Post Game Analysis: Temple AAC Championship

As has been the case all season, it was a total team effort as your Houston Cougars defeated the Temple Owls 24-13 before a rabid crowd of 35,721 at TDECU Stadium Saturday afternoon to win the inaugural American Athletic Conference Championship game. The win gave the team its 11th conference championship in program history and first since the 2006 Conference USA championship.

At 13-1 and playing in a New Year’s Six bowl game (the announcement on where the Coogs are playing has not been made as of this writing), it goes without saying that first year head coach Tom Herman and his staff have done a phenomenal job in their first season along Cullen Boulevard. The head coach on the win after the game via, “It was an overwhelming sense of pride in our guys and team. None of this would be possible without leaders in that locker room buying in from day one and dragging the rest of the team with them. We have the finest coaching staff in the entire country, and we have the best strength staff as well, that continue to hammer home our culture when we’re not around. The trophy was really just a representation of that buy in, especially these older guys had, from day one.”

Those assistant coaches definitely need mentioning on what they’ve done this season not only in teaching fundamentals, but in getting each and every backup ready as injuries have totally ravaged the team throughout the season. It all starts with defensive coordinator Todd Orlando (who’s also the linebackers coach) and his side of the ball; defensive line coach Oscar Giles, safeties coach Craig Naivar, and corner backs (and special teams) coach Jason Washington. Usually when a new staff comes in they want to change things up and emphasize their philosophy. What Orlando and his staff have done is amazing; while adding their philosophy, IE pressure, pressure and more pressure, he and his staff have allowed the “Third Ward Defense” to remain who they are; a group of young men who fly to the ball, create turnovers and play with “swag.” The culture change defensively that David Gibbs and his staff created three seasons ago has remained steadfast, with Orlando adding his strengths as a coach.

Offensive coordinator (and quarterbacks coach) Major Applewhite has done a remarkable job as well in adjusting his game plan based on who’s available that particular week, with the Temple game no different as star wide receiver Demarcus Ayers was basically a decoy with the shoulder issue which has been a hindrance for most of the season as he was shutout receptions wise for the first time this season. Applewhite’s assistants include wide receivers coach (and recruiting coordinator) Drew Mehringer, running backs coach Kenneth Pope, tight ends coach Corby Meekins and offensive line coach Derek Warehime. What Pope has done with Brandon Wilson, switching from corner last week to running back after not playing the position since his senior year in high school (4 years ago), after Kenneth Farrow went down with a sprained ankle two weeks ago, with backup Ryan Jackson having been lost for the season weeks before that, well words simply cannot describe. All Wilson has done is rush for 181 yards on 33 carries with 2 touchdowns over the past two weeks against stout Navy and Temple defenses, with 70 yards on just 11 carries Saturday versus Temple. This rushing production (233 yards against a defense allowing just over 117) was behind the TENTH different starting offensive line this season. The unit of Alex Cooper, Kameron Eloph, Will Noble, Colton Freeman and Carter Wall from left to right tackle was the ninth different starting lineup in a row due to injuries. This week Mason Denley, who started six of the past seven games at left guard was out for undisclosed reasons. Eloph started the season as a defensive tackle, moving to the O-line after the SMU game eight games ago. ELEVEN linemen have had to contribute this season in one way or another. Noble and Eloph are true freshman, with Freeman and Denley being redshirt freshmen. Marcus Oliver (who started 6 games at left tackle until an ankle sprain sidelined him), along with Josh Thomas (one game starter early before a knee injury finished his season) are both just true sophomores. Ben Dew (the starter at left guard the first two games) and Zach Johnson (two game starter at right tackle) are both seniors who were lost for the season after the Louisville and SMU contests, 11 and 8 games ago respectively. What Warehime has done with this line, again, is simply amazing.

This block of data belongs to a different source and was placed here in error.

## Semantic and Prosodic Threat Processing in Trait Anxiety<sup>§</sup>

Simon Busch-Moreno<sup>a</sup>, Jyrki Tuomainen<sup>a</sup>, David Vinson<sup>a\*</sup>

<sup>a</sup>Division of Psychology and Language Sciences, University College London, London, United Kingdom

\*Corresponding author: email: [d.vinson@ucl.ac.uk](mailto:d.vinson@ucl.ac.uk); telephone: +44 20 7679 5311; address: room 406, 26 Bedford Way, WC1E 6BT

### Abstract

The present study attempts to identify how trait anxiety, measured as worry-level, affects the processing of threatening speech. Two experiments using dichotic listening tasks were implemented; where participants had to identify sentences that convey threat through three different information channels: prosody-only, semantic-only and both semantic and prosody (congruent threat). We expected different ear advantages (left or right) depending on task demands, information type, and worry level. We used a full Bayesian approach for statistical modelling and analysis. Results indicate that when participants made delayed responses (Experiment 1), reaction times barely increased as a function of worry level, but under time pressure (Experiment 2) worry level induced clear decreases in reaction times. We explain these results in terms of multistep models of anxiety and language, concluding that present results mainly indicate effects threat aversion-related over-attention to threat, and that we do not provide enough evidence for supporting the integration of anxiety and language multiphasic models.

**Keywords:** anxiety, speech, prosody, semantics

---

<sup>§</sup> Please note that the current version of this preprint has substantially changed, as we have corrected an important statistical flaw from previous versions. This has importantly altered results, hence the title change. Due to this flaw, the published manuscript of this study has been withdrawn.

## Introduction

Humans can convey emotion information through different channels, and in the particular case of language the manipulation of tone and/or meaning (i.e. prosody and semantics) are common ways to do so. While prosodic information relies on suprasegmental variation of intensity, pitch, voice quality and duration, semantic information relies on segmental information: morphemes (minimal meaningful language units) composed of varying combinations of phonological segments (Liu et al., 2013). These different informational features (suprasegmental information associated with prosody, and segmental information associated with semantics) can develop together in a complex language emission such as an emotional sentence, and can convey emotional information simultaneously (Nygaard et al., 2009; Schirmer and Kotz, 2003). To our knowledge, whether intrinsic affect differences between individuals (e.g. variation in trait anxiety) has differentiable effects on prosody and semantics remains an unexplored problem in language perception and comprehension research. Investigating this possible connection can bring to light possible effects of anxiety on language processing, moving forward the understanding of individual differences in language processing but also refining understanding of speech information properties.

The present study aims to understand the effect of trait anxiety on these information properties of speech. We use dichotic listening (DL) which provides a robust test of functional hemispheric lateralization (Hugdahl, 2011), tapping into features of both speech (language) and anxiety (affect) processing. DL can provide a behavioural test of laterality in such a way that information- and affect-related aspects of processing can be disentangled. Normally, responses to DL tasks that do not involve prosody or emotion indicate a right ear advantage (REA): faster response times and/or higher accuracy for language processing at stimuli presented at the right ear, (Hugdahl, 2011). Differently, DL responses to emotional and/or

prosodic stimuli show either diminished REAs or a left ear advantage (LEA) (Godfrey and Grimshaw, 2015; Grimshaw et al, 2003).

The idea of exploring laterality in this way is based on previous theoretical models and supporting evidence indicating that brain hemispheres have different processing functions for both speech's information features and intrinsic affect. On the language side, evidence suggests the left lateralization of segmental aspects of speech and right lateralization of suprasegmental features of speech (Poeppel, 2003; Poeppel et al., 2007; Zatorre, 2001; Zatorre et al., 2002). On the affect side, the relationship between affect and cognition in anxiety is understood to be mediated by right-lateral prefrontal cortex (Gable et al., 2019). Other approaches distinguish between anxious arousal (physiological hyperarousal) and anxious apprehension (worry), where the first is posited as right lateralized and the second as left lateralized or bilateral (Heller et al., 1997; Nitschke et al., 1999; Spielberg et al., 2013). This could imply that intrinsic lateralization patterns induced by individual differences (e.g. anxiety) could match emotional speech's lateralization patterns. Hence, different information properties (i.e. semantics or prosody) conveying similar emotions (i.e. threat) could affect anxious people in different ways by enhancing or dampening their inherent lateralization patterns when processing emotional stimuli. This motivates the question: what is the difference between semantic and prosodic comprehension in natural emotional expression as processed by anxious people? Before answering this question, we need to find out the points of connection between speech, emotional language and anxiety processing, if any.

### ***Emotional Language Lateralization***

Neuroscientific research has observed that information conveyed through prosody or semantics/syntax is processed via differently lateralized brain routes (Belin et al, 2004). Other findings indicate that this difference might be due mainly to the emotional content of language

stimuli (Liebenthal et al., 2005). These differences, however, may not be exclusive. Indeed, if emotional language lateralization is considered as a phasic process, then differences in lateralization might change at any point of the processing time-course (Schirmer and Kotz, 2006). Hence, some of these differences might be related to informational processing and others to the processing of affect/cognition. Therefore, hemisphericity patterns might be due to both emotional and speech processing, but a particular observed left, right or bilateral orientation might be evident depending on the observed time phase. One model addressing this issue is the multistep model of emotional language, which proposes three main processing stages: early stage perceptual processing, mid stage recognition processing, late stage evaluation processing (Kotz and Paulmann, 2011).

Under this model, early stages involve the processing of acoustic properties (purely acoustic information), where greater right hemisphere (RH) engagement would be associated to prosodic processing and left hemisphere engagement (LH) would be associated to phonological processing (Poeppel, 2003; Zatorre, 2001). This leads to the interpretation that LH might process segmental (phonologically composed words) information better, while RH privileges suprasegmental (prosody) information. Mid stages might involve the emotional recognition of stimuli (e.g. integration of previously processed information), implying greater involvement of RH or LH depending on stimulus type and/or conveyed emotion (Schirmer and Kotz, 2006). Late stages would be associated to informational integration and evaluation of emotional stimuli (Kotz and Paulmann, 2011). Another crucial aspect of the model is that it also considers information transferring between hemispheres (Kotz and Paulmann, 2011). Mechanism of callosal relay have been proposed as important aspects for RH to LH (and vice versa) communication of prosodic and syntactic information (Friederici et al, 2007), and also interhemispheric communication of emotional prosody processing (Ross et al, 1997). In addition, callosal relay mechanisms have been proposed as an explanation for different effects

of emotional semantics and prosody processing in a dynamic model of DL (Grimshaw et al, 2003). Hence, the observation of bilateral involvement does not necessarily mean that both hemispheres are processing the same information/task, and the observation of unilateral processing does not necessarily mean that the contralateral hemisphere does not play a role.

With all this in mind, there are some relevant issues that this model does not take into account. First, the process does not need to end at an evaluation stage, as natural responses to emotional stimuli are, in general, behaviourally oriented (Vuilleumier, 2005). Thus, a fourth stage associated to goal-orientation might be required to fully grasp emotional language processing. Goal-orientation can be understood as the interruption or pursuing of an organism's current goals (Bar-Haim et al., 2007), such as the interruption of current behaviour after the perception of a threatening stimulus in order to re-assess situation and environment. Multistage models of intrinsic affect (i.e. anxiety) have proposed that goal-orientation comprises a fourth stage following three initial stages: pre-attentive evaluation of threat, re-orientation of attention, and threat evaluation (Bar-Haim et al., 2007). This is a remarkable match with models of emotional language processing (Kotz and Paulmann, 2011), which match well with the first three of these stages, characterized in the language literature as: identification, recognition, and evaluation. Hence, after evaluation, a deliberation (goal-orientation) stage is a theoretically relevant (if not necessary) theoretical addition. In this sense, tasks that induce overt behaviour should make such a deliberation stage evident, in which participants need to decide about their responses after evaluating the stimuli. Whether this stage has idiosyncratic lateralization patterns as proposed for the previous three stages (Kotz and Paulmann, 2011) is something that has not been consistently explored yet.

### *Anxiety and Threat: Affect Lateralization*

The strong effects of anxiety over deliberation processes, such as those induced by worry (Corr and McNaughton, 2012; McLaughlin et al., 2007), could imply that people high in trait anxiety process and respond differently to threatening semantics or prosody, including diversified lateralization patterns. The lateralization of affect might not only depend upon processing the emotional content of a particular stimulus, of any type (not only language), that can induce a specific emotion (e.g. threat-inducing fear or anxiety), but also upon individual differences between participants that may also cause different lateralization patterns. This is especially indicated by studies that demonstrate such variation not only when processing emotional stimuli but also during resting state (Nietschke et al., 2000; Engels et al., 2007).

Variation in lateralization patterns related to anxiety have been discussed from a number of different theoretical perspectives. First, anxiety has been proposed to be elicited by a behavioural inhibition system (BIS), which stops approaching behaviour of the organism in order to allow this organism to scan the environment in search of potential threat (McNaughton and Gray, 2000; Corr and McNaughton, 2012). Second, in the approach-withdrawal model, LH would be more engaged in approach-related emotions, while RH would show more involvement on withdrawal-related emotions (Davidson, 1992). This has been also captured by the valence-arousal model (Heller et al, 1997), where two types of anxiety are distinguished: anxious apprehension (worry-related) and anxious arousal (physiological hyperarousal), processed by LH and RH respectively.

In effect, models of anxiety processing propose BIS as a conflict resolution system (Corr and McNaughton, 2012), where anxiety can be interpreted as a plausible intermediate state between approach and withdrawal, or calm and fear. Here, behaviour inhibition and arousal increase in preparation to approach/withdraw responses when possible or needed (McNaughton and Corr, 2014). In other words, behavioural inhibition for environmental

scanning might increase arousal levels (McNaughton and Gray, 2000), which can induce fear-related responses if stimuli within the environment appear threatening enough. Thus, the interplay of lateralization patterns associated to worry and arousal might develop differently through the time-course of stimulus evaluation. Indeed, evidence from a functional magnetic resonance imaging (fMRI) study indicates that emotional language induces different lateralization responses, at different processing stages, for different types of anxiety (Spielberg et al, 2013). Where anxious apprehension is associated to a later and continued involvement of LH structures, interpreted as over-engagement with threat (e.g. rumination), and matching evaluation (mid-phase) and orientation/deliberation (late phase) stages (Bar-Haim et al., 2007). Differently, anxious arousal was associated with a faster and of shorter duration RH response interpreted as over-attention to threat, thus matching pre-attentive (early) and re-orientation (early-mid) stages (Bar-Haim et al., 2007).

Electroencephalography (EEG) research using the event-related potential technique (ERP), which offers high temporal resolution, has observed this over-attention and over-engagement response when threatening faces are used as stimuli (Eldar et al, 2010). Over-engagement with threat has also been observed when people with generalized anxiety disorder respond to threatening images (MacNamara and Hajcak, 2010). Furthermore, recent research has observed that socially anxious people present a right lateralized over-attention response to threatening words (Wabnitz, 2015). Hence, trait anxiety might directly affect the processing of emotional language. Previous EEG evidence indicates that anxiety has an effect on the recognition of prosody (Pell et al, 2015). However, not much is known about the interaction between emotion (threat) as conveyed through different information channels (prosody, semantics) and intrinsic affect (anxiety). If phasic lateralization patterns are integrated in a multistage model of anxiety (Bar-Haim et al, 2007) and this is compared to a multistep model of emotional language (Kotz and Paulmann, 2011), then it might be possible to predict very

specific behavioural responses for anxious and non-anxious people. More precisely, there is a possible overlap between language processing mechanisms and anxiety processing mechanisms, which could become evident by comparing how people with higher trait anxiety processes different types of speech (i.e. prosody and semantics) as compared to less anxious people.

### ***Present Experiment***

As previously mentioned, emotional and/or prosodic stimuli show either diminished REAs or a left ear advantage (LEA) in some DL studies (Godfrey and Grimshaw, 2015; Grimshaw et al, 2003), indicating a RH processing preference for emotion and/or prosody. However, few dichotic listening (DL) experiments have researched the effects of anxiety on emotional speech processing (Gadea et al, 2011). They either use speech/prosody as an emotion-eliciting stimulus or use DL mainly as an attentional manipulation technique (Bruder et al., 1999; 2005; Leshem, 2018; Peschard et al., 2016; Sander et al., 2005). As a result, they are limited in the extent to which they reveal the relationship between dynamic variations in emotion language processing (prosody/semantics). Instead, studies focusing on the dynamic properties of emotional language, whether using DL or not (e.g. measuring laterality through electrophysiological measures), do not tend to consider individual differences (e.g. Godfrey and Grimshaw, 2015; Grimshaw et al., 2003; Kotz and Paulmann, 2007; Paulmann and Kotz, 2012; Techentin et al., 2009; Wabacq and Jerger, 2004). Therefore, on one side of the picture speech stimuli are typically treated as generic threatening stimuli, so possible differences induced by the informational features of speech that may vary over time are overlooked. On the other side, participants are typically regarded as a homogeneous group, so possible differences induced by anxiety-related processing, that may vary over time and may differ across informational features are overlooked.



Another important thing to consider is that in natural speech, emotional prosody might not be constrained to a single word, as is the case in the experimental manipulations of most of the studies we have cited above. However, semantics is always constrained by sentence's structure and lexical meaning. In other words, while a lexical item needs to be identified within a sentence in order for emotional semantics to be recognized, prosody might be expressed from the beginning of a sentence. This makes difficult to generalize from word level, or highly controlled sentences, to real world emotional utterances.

Herman also mentioned having the best strength-and-conditioning staff. Yancy McKnight and assistants Rod Grace and Ryan Deatrick and their conditioning program have had a lot to do with the team outscoring its opponents 266 to 126, the third largest margin in the nation.

Finally, Herman mentioned during his post game presser that this season would not have been the success it’s been without the senior leadership believing in the staff, so a special shout-out to team captains Farrow, Cooper, safety Adrian McDonald and linebacker Elandon Roberts also has to be made because without their buying into Herman’s system early during preseason workouts, none of the success on the field would have been possible this season